Monday, May 25, 2009


The new version of Newsweek (both print and online) launched last week. Have you seen it?

I actually like Newsweek, so I kept an open mind about the relaunch, but I was hardly bouncing up and down with anticipation. I understand that traditional news outlets are hurting and struggling to find ways to remain "relevant" in tomorrow's world. But the current thing was working for me, so I don't feel the same pressing need for change that shareholders of The Washington Post Company (which owns Newsweek, as well as must be feeling.

The latest issue was delivered on Tuesday afternoon, and I haven't finished it yet. What? You think I'm twiddling my thumbs, here? I'll get to it!

I've already used a couple of pieces from the magazine, one to show Paul, one to share at a meeting. So there's still relevant (to me) information in Newsweek. But over all, I'm concerned about the redesign.

1) They strive to be "provocative without being partisan." I recently watched a very "provocative" video on Facebook about a 15-year-old girl who wants to get pregnant. I applaud the desire to avoid being partisan, and I like the way Newsweek goes about that. But the "provocative" stuff tends to annoy me. I mentioned earlier; I think they spend a lot of time being "provocative" . . . and not always in a constructive way. What, exactly, are we trying to provoke? Thought? Discussion? Emotion? Response? Sales?

Alas, I live in a world where screaming, sensationalist headlines sell. And if "news" companies want to make money, they have to get eyeballs where their advertisers can count 'em. So that means more screaming, sensationalist headlines. It means more opinion pieces by writers who also contribute to (like Dahlia Lithwick, e.g. Put Sarah Palin on the Supreme Court! That place needs a breast pump!) Provocative? You betcha. Adding to intelligent discourse in this country? Less so.

About those opinion pieces:

2) There's a lot more opinion in the new Newsweek. Editor Jon Meacham, in his "Top of the Week" column (formerly "The Editor's Desk") introducing the relaunch, explains what we'll see more - and less - of in weeks to come:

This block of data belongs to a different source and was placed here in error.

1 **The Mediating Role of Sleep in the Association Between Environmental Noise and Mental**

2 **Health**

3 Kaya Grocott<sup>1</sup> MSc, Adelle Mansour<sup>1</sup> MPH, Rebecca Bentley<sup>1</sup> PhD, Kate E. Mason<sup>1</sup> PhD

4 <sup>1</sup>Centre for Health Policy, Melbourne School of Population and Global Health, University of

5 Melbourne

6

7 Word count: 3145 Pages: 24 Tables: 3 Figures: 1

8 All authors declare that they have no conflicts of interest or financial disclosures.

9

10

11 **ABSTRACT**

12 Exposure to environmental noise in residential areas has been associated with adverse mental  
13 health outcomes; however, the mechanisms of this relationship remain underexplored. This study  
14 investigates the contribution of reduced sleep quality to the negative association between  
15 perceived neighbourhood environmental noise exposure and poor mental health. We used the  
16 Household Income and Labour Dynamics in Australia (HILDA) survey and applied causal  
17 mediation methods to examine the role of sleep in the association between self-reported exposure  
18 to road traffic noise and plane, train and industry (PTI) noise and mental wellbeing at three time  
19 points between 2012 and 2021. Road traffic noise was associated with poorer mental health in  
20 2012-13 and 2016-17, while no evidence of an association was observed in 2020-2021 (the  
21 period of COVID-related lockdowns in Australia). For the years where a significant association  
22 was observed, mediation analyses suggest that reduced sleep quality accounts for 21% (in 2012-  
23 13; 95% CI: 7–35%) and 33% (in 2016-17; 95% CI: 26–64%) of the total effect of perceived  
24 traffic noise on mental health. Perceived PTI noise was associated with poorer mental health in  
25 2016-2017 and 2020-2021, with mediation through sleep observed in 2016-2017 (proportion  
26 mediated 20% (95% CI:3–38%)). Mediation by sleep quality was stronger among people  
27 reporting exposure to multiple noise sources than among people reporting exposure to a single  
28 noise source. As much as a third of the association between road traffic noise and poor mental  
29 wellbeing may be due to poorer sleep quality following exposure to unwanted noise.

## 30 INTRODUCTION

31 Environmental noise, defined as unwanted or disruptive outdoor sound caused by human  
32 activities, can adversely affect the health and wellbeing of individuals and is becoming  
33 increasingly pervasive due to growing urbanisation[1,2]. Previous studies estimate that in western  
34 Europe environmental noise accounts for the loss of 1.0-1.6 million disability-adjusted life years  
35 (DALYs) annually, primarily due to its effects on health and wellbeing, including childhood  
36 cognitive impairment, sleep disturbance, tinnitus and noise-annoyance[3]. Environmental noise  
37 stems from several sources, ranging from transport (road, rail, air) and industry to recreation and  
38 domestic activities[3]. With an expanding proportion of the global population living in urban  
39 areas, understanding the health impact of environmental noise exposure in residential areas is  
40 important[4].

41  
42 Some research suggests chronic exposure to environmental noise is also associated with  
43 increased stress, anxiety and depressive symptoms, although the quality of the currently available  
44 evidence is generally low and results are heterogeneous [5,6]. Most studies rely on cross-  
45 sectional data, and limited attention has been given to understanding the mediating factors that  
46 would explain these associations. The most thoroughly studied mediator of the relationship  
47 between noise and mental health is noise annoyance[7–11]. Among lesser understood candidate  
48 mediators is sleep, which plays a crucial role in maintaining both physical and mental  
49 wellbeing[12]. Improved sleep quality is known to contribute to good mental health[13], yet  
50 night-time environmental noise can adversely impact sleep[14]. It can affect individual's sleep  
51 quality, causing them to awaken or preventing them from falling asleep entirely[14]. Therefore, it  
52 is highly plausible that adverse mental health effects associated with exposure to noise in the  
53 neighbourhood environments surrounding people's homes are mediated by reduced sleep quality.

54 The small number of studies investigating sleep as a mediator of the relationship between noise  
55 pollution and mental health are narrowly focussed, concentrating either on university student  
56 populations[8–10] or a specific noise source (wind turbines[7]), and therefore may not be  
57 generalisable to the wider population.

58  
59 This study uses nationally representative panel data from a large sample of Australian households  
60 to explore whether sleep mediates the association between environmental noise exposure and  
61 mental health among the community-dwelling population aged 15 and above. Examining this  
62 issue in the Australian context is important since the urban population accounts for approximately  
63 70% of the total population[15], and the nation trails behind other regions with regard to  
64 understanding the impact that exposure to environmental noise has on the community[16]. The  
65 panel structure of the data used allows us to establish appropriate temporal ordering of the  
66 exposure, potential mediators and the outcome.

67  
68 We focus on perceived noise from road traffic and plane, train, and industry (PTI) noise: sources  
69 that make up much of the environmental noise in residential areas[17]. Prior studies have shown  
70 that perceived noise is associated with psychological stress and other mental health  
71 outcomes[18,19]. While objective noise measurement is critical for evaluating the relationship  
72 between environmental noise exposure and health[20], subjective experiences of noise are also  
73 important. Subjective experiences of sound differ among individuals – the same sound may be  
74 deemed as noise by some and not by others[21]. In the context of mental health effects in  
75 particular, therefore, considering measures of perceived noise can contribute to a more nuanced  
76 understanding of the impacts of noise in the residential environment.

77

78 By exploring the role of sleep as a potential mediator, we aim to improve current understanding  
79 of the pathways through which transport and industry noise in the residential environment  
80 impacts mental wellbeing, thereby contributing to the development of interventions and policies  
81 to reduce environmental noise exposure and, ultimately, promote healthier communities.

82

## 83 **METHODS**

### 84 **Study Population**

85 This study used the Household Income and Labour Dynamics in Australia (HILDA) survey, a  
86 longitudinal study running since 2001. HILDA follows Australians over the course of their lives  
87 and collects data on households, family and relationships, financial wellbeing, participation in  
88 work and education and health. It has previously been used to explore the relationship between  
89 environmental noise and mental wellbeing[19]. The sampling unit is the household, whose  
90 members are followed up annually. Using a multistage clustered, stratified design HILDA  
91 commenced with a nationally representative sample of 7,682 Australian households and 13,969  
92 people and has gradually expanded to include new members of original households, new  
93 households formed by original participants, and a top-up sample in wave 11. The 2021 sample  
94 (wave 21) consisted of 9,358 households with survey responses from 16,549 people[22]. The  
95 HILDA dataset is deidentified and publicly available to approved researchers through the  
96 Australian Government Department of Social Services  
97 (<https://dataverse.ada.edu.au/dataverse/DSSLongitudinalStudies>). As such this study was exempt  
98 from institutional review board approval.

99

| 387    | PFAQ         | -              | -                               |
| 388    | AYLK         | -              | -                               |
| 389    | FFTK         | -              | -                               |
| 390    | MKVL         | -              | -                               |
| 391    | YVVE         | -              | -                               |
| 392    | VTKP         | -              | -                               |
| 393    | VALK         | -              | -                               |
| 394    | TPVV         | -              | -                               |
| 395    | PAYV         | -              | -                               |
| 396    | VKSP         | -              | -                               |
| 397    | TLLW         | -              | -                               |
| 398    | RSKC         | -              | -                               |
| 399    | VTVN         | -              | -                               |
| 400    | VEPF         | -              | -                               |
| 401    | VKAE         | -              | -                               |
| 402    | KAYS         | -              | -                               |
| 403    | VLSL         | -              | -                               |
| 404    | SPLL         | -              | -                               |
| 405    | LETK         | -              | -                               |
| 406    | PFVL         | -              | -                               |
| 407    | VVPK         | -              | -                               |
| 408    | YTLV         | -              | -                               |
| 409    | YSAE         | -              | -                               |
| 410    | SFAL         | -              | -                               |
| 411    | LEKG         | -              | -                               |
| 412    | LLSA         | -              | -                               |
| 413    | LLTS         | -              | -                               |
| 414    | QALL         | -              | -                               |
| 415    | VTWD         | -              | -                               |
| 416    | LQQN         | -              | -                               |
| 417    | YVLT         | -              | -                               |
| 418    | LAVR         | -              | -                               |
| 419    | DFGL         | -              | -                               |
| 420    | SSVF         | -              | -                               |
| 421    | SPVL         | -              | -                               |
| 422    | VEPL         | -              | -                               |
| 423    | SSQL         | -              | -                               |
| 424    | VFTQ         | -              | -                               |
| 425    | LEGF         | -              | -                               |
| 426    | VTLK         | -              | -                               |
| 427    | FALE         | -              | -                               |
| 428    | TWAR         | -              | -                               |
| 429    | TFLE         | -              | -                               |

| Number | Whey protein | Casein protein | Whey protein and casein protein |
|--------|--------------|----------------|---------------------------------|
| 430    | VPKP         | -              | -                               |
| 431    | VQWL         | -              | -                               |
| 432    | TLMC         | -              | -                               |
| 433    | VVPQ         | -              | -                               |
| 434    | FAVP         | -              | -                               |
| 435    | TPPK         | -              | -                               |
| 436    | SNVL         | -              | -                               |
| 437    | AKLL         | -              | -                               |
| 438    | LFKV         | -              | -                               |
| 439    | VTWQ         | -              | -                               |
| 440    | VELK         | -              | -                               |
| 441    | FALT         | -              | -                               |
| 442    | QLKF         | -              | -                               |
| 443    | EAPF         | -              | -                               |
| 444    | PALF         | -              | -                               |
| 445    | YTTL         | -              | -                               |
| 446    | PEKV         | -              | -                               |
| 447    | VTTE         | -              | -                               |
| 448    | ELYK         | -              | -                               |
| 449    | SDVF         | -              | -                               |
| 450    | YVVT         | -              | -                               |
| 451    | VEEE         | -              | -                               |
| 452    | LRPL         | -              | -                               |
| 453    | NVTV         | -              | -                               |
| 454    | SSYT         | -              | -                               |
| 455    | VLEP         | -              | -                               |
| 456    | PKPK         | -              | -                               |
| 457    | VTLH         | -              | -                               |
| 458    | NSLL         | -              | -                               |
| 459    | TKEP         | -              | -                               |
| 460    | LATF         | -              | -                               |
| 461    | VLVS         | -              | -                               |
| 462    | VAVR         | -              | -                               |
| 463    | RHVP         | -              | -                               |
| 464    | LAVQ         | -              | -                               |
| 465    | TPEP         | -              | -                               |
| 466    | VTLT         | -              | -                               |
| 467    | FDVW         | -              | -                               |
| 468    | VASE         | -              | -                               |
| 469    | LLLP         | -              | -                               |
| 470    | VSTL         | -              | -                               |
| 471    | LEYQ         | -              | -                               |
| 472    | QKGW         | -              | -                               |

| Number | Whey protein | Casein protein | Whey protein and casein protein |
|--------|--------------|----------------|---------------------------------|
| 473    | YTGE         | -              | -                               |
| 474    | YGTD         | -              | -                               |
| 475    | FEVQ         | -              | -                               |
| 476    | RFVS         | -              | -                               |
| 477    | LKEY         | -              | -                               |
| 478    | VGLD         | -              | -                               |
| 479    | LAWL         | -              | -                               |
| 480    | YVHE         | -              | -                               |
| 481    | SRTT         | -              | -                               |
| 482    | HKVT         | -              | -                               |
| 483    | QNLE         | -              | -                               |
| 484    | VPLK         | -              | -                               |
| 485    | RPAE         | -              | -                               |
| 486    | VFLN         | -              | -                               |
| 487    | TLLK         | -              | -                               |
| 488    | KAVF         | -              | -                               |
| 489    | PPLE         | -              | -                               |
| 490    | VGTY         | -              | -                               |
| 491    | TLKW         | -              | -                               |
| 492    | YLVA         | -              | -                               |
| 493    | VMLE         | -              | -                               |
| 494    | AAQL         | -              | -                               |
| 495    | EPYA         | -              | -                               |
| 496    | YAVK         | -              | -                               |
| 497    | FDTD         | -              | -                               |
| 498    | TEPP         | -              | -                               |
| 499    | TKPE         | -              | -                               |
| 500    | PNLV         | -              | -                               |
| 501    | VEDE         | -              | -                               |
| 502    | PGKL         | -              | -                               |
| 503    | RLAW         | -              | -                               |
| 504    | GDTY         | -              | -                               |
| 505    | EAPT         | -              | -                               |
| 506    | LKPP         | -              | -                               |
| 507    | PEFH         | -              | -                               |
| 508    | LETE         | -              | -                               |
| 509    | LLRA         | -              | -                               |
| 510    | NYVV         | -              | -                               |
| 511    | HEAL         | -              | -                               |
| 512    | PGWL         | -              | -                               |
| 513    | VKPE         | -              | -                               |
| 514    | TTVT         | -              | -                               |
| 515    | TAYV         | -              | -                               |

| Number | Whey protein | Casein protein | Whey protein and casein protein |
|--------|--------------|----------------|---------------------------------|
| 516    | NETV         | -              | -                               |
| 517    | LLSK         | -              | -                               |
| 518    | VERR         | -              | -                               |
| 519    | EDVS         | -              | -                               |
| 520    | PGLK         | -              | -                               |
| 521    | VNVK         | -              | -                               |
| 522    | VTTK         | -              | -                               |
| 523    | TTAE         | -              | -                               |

"There will, for the most part, be two kinds of stories in the new NEWSWEEK. The first is the reported narrative—a piece, grounded in original observation and freshly discovered fact, that illuminates the important and the interesting. The second is the argued essay—a piece, grounded in reason and supported by evidence, that makes the case for something.

What is displaced by these categories? The chief casualty is the straightforward news piece and news written with a few (hard-won, to be sure) new details that does not move us significantly past what we already know."
What who already knows? Those of you in the news business who read the AP Wire as it streams in and devour hours of cable news programs a day? Or people like me, who see the biggest headlines on our iGoogle homepages, listen to NPR news when we happen to be in the car at the top of the hour, and carry Newsweek with us to catch up on the rest? The latter group - people like me - are getting screwed by this new version of the magazine.

Newsweek used to kick off with "Periscope," full of short reported pieces wherein I learned interesting (or not) things like who Obama might pick for the Supreme Court or what's going on with Israel's new Prime Minister.

There are still short pieces in the new "Scope" section of Newsweek, and they still have an international flare. But the piece on civil rights abuses in Egypt (fascinating!) ends in a critique of our current foreign policy toward that nation and a suggestion for what we should be doing. Opinion. The piece on the world economy, focusing on how spending isn't down nearly as much in France as it is here (interesting!) includes a suggestion that European attitudes on government spending are healthier than American attitudes on same. Opinion.

It's not that I necessarily disagree with the opinions or think they're poorly written. It's just that they're . . . not news.

I'll keep reading; I'll try to keep an open mind. But if I'm looking for news in a broad, in-depth, non-sensationalistic format that's more portable than the internet, something a little less pressing and ink-stainy than a daily newspaper, something that's more about covering the stories that matter and less about breaking the day's biggest headline, and if the place for that isn't Newsweek, then where is it?

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